The initial clinical impression of the patient’s asymptomatic, acquired, raised, firm, horizontal bands on her lower back was linear focal elastosis (Table 2).[45–57] Linear focal elastosis is an uncommon condition characterized by asymptomatic linear yellow palpable indurated horizontal bands that extend across the mid and lower back of predominantly older men. Microscopic examination of the skin lesions demonstrates an increased amount of thin, wavy, elongated, fragmented, lumpy, and clumped elastic fibers separating the collagen bundles in the reticular dermis. The initial reports of linear focal elastosis described this condition predominantly in elderly Asian and Caucasian men; however, more recent studies report the dermal disorder in both younger individuals and women.[48–50]

After careful review of the published reports of linear focal elastosis, the authors have identified three adolescent boys (2 Korean and 1 Turkish) who had similar clinical and pathology findings as the patient described in this case (Table 3).[45–47] Although the acquired skin lesions on their lumbar back were considered to represent linear focal elastosis (predominantly based upon their morphology and location), each group of investigators commented on the paucity or absence of elastic fibers in the linear raised horizontal bands. Hence, the authors respectfully suggest that the linear, raised, firm, horizontal lumbar back lesions in these individuals are more appropriately considered to represent linear lumbar localized elastolysis—an acquired disorder of elastic tissue that appears to have a predilection for Asian individuals (2 adolescent boys and 1 young woman) and an early onset age—either in adolescence (3 boys) or late childhood (1 girl).

It is remarkable that the location and morphology of the skin lesions in linear focal elastosis are essentially identical to those observed in the patients who had linear lumbar localized elastolysis. Yet, in contrast to the paucity or absence of elastic fibers in the mid dermis associated with linear lumbar localized elastolysis, microscopic examination of a horizontal band in a person with linear focal elastosis of the lower back shows an increase in the reticular dermal elastic fibers. Therefore, to differentiate between linear focal elastosis and linear lumbar localized elastolysis, biopsies can be performed of lesional and normal skin from a symmetric site in an individual who presents for evaluation of raised linear horizontal bands on the mid and lumbar back and the specimens can be evaluated not only using hematoxylin and eosin stained sections, but also with Verhoeff-van Gieson stained preparations.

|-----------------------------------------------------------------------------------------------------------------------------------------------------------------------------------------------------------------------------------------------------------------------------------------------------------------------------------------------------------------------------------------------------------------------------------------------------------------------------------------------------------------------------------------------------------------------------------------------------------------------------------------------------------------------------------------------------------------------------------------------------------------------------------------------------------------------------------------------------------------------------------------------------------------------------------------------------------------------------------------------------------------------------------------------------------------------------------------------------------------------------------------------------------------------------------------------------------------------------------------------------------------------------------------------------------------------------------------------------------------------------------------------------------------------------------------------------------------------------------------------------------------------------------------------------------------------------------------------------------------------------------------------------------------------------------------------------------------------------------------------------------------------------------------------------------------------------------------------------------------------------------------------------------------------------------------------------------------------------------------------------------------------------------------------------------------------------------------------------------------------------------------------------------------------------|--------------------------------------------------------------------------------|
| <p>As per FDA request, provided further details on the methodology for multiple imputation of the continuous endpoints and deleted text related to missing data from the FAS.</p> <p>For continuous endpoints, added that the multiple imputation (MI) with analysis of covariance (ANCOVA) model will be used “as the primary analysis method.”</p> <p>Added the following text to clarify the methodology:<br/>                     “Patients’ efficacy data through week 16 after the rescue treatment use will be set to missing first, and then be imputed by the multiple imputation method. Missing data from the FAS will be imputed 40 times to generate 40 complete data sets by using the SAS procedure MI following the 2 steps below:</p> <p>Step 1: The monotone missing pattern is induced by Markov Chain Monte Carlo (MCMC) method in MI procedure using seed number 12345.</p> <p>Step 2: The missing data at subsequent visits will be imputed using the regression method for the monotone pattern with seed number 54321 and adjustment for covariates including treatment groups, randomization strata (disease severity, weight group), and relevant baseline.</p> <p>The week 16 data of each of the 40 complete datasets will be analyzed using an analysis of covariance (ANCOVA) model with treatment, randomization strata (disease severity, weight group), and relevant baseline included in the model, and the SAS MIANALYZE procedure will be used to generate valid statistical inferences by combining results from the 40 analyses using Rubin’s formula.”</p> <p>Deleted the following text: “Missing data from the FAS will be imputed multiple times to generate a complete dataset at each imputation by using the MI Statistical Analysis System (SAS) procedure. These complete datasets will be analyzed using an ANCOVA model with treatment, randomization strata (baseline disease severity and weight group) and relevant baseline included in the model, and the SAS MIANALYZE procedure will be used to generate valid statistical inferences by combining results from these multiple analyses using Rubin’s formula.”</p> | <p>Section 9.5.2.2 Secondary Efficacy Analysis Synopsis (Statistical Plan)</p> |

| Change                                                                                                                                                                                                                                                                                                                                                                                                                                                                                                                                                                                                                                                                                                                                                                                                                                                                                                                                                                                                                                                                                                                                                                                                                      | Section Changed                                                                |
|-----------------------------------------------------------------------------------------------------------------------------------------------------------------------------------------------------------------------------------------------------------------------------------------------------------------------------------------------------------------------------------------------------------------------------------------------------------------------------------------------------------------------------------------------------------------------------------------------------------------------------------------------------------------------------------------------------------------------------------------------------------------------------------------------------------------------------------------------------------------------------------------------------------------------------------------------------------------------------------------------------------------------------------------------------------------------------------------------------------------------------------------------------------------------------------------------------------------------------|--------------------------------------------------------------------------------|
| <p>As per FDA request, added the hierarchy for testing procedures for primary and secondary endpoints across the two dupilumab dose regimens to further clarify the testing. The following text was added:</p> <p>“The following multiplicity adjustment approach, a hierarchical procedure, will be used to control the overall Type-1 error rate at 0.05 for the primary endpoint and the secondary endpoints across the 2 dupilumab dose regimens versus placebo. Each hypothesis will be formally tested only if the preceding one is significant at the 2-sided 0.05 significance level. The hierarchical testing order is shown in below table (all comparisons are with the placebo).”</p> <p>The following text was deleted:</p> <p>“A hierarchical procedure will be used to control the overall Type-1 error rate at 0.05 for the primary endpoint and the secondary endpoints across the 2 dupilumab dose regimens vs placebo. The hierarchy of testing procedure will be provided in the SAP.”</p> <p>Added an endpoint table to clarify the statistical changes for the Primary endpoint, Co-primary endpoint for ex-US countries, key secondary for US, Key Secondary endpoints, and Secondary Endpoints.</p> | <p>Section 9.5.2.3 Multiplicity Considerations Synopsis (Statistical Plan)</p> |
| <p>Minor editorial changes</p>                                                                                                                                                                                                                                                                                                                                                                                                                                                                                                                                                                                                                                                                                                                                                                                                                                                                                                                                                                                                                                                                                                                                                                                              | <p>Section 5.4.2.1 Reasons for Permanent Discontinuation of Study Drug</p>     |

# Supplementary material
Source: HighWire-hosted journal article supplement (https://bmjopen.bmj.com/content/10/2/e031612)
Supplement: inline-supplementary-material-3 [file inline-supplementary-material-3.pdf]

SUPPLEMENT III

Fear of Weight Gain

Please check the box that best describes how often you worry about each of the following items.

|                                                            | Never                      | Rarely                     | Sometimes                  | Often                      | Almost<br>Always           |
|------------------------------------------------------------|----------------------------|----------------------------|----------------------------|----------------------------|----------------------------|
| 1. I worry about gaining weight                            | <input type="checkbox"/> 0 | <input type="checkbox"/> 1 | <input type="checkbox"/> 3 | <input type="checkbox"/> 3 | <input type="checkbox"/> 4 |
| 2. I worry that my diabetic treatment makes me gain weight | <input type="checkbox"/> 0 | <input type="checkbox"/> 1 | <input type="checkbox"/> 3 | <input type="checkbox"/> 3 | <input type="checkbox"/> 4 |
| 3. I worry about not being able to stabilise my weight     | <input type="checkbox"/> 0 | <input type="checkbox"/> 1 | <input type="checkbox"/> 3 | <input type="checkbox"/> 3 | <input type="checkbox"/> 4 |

Conclusion
Linear lumbar localized elastolysis is characterized by pathognomonic pathological changes in the lesional tissue: Nearly complete absence of elastic fibers in the mid dermis with a paucity of residual fragmented elastic fibers. This condition is a unique clinical presentation of mid-dermal elastolysis morphologically presenting as multiple asymptomatic, raised, indurated, horizontal bands on the lumbar back. The clinical and pathological features of linear lumbar localized elastolysis are described in a young Filipino woman and the predominant conditions in the differential diagnosis of mid-dermal elastolysis (such as anetoderma, annular elastolytic giant cell granuloma, cutis laxa, and pseudoxanthoma elasticum-like papillary dermal elastolysis) are reviewed. The similar morphology and location of the patient’s linear lumbar localized elastolysis skin lesions and those of linear focal elastosis (of the lower back) prevented us from being able to differentiate the correct diagnosis based on the clinical presentation of her cutaneous findings. However, a lesional biopsy (especially after comparison to a specimen from a symmetric site of normal-appearing skin), evaluated after staining with Verhoeff-van Gieson stain, readily enabled the authors to definitively establish the diagnosis; linear lumbar localized elastolysis (as in the patient described in this case) showed a paucity of near absence of elastic fibers in the mid dermis, whereas linear focal elastosis demonstrates an increase in elastic fibers between the collagen tissue in the reticular dermis. Therefore, in patients who present with linear, elevated, firm, horizontal bands that partially or completely extend across the lower back, microscopic examination of the skin lesion (and perhaps also tissue of normal-appearing skin from a symmetric site for comparison) using hematoxylin and eosin stains and Verhoeff-van Gieson stain can be performed in order to differentiate between linear focal elastosis and linear lumbar localized elastolysis.